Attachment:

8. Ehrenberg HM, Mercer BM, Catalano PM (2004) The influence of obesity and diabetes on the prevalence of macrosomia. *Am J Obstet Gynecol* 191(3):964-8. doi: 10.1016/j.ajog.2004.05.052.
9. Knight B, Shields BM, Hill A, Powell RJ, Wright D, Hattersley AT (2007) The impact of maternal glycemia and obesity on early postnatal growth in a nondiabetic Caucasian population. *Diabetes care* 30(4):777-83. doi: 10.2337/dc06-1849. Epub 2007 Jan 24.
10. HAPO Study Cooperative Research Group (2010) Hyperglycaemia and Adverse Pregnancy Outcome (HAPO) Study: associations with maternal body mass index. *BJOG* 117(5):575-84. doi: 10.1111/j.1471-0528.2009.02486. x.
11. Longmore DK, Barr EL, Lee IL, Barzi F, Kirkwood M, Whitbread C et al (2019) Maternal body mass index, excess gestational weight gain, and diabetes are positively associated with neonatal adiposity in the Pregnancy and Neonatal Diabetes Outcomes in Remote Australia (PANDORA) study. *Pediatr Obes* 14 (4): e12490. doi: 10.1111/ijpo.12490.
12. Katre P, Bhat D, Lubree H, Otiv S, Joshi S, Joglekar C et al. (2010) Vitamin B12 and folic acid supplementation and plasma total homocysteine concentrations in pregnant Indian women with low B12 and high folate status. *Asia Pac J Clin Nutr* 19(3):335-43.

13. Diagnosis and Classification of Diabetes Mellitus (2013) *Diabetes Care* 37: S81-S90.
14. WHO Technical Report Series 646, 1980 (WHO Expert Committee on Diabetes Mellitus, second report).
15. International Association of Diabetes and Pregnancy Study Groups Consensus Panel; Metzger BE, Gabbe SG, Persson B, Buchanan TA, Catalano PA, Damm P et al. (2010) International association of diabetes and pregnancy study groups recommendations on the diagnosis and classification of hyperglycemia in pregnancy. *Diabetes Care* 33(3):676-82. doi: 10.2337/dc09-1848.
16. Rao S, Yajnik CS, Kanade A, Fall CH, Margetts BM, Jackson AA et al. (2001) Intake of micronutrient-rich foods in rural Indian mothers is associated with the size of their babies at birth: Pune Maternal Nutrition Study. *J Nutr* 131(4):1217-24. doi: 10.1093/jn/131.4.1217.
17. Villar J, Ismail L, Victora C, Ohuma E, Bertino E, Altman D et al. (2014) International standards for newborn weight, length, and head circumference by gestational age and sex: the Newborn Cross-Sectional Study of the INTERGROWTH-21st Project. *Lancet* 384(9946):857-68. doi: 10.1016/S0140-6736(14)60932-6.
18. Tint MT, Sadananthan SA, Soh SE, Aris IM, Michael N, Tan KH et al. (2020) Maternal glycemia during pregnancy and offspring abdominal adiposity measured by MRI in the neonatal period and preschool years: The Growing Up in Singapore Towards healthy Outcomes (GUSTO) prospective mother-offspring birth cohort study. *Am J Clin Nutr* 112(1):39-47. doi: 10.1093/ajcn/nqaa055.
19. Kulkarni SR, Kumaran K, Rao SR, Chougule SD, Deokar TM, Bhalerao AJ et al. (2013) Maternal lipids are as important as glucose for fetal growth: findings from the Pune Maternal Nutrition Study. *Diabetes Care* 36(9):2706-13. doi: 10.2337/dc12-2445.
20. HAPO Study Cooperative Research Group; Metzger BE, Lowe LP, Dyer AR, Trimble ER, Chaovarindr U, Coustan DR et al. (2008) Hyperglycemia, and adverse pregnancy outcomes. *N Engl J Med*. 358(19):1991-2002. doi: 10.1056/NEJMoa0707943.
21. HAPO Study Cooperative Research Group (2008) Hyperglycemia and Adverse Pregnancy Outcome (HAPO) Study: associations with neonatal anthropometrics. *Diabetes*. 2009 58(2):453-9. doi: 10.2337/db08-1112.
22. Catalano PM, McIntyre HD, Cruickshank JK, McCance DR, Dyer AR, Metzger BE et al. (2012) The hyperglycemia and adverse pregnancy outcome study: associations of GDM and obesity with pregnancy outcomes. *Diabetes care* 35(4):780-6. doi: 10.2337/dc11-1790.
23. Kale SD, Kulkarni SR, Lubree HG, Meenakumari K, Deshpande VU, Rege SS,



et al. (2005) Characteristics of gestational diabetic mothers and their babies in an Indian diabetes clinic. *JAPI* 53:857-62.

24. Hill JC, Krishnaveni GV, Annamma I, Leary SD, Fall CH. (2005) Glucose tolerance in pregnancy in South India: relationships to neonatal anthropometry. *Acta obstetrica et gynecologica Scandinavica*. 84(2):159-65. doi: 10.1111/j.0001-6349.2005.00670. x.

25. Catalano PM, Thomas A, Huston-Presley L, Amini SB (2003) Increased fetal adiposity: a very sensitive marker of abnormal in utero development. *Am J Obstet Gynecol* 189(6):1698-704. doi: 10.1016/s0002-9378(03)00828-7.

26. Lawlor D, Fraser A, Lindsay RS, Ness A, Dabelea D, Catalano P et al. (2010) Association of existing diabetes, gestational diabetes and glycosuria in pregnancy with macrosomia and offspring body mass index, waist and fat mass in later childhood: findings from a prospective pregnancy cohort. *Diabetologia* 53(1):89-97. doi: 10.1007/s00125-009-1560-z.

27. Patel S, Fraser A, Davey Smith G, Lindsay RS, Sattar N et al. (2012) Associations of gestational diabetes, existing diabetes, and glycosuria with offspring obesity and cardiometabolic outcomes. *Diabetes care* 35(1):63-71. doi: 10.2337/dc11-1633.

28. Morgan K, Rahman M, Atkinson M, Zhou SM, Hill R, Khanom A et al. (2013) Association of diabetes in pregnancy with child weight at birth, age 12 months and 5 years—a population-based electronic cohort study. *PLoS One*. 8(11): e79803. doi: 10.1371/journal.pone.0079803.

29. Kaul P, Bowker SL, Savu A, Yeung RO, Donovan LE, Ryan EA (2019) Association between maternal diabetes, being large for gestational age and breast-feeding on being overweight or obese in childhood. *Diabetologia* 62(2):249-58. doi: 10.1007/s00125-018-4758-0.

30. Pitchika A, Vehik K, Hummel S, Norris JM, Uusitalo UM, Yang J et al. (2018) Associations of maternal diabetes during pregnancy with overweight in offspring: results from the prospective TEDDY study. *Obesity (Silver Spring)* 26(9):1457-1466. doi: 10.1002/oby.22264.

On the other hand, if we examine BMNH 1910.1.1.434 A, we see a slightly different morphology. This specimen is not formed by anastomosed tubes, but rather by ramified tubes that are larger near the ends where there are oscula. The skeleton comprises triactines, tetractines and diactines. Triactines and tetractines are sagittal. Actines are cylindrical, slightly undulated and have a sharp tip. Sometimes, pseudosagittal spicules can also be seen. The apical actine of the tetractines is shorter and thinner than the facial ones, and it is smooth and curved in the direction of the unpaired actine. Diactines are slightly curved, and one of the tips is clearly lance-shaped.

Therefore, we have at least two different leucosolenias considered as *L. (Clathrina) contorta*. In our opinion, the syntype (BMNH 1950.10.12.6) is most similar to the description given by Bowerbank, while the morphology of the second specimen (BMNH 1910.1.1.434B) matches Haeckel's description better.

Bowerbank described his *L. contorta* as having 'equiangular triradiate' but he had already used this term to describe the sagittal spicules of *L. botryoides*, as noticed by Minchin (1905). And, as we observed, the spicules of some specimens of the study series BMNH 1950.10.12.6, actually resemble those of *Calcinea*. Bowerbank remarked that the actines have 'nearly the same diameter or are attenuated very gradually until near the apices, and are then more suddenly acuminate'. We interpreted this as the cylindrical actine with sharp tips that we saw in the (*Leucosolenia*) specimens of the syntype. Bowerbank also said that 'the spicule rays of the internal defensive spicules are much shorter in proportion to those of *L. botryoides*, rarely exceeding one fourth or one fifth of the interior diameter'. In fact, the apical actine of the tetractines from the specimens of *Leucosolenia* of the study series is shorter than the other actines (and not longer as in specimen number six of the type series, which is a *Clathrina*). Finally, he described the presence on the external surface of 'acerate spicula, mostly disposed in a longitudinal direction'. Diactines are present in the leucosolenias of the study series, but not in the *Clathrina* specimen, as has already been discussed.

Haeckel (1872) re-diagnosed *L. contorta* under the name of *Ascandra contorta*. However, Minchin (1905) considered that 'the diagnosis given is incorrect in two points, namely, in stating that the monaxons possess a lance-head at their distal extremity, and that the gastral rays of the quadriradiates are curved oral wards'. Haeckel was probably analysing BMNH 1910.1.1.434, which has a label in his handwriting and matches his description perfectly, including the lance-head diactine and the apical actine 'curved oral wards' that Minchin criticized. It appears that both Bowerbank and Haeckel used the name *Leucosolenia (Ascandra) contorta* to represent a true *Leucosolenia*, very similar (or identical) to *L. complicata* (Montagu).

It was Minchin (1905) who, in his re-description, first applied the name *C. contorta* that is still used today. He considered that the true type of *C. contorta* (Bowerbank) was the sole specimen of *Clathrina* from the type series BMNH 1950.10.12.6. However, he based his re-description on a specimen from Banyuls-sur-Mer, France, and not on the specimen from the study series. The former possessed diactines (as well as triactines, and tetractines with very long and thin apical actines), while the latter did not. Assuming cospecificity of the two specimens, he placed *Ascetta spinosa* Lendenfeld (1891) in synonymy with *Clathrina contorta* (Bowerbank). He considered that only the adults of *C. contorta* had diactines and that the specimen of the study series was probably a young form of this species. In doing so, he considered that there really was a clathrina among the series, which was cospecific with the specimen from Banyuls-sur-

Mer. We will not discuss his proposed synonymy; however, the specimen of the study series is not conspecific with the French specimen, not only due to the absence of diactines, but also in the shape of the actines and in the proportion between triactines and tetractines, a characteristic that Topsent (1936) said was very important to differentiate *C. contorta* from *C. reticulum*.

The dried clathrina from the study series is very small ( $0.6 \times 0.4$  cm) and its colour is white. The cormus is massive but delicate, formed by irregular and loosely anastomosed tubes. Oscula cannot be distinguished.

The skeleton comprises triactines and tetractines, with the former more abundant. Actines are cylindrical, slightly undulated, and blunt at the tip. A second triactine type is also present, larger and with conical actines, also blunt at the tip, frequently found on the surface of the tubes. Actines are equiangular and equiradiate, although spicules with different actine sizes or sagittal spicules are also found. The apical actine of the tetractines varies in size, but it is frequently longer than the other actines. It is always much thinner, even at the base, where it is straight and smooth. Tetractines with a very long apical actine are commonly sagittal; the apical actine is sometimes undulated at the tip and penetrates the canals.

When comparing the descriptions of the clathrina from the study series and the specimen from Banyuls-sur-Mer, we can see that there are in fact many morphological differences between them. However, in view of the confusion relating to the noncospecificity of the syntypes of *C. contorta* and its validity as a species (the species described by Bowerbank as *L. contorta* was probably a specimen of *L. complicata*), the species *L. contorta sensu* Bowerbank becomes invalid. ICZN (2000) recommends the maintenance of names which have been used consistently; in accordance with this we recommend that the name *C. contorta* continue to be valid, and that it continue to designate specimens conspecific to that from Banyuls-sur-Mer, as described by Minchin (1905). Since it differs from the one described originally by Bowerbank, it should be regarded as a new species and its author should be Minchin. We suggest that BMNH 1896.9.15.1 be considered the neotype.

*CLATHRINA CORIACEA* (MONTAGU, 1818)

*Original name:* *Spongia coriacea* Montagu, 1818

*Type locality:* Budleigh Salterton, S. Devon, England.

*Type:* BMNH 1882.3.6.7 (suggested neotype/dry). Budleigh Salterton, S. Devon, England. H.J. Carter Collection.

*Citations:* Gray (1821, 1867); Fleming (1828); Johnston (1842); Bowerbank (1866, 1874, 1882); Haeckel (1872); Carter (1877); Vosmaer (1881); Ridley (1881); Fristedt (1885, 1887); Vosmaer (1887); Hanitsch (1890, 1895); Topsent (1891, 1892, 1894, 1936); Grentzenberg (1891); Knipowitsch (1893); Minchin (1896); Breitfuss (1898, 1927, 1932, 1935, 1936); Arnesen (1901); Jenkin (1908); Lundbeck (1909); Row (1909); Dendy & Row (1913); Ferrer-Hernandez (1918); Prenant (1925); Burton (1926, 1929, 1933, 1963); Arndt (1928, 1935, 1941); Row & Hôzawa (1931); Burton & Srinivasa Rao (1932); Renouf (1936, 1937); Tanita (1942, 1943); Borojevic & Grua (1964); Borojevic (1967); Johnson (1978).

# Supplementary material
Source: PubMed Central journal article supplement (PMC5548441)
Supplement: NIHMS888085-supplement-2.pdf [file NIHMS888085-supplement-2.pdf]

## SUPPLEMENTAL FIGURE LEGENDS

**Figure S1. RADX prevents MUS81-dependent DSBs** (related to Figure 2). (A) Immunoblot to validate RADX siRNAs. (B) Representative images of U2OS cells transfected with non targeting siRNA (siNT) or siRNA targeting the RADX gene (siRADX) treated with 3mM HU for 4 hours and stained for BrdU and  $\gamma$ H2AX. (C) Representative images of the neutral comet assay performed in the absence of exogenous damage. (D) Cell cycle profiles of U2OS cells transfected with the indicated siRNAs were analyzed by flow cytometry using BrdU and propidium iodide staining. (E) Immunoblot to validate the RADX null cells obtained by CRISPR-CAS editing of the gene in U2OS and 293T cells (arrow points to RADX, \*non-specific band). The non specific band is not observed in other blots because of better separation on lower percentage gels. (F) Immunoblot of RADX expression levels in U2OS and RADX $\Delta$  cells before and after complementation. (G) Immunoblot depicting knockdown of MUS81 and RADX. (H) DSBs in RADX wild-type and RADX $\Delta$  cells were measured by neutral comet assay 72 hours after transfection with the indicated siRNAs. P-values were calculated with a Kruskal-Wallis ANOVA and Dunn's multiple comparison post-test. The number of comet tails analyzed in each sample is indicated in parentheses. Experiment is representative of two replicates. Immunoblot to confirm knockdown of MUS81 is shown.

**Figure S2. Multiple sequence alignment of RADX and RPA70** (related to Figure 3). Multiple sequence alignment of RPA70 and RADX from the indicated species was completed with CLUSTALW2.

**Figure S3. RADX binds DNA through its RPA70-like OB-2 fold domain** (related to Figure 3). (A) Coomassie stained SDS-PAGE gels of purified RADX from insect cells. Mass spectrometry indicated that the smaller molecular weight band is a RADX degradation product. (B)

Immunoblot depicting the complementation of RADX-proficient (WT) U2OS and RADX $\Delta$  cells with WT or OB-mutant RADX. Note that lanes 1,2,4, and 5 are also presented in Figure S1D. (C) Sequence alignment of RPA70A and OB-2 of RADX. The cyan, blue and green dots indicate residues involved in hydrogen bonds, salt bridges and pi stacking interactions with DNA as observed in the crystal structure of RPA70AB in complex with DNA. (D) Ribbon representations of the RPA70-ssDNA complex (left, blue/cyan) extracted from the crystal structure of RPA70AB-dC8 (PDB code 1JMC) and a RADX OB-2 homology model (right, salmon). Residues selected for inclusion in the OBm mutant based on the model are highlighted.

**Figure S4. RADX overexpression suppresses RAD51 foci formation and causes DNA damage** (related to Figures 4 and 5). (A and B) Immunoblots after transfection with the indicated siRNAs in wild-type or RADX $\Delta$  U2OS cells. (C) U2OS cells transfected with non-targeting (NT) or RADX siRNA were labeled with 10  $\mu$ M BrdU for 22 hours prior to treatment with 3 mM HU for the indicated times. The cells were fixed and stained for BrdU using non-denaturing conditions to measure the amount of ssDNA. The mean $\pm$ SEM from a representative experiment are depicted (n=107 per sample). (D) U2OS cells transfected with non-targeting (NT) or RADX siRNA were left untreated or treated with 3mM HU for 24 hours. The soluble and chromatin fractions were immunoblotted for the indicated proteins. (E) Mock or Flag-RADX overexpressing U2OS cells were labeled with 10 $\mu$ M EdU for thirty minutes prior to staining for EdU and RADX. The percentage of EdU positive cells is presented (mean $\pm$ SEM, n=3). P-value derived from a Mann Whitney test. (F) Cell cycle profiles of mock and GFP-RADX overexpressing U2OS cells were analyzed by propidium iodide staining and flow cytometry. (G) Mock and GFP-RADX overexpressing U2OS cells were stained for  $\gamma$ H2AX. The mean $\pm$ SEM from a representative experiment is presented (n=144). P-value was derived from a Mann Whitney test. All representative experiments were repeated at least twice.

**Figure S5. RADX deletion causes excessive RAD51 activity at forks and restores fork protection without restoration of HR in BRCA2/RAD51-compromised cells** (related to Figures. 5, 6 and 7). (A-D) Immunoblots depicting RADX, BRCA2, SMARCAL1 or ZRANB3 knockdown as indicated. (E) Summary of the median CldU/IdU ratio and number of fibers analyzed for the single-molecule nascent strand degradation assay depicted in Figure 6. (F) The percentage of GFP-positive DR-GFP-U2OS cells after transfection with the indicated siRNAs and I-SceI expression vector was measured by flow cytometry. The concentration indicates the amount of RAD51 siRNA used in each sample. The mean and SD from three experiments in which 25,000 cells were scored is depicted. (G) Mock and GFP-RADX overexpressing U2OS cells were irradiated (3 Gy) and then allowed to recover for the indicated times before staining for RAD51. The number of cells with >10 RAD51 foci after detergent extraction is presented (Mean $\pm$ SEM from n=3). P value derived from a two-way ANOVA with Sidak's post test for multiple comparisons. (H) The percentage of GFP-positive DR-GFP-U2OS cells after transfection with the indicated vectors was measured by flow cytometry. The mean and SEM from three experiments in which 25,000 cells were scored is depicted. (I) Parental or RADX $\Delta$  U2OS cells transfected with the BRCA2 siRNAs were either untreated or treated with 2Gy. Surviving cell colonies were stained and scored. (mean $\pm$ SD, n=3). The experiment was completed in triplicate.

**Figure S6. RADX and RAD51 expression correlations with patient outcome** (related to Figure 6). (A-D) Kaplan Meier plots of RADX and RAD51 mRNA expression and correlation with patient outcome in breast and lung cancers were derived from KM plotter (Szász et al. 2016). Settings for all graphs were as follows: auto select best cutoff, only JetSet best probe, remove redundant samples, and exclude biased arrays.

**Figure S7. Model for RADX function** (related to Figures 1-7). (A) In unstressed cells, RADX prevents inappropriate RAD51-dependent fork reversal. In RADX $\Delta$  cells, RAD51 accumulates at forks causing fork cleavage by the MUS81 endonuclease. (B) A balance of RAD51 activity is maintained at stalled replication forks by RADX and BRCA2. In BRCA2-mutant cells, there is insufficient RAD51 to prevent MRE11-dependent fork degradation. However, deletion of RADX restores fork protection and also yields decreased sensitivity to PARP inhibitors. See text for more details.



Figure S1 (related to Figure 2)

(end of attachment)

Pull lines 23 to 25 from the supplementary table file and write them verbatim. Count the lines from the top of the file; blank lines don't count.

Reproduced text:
29. Kaul P, Bowker SL, Savu A, Yeung RO, Donovan LE, Ryan EA (2019) Association between maternal diabetes, being large for gestational age and breast-feeding on being overweight or obese in childhood. *Diabetologia* 62(2):249-58. doi: 10.1007/s00125-018-4758-0.

30. Pitchika A, Vehik K, Hummel S, Norris JM, Uusitalo UM, Yang J et al. (2018) Associations of maternal diabetes during pregnancy with overweight in offspring: results from the prospective TEDDY study. *Obesity (Silver Spring)* 26(9):1457-1466. doi: 10.1002/oby.22264.

On the other hand, if we examine BMNH 1910.1.1.434 A, we see a slightly different morphology. This specimen is not formed by anastomosed tubes, but rather by ramified tubes that are larger near the ends where there are oscula. The skeleton comprises triactines, tetractines and diactines. Triactines and tetractines are sagittal. Actines are cylindrical, slightly undulated and have a sharp tip. Sometimes, pseudosagittal spicules can also be seen. The apical actine of the tetractines is shorter and thinner than the facial ones, and it is smooth and curved in the direction of the unpaired actine. Diactines are slightly curved, and one of the tips is clearly lance-shaped.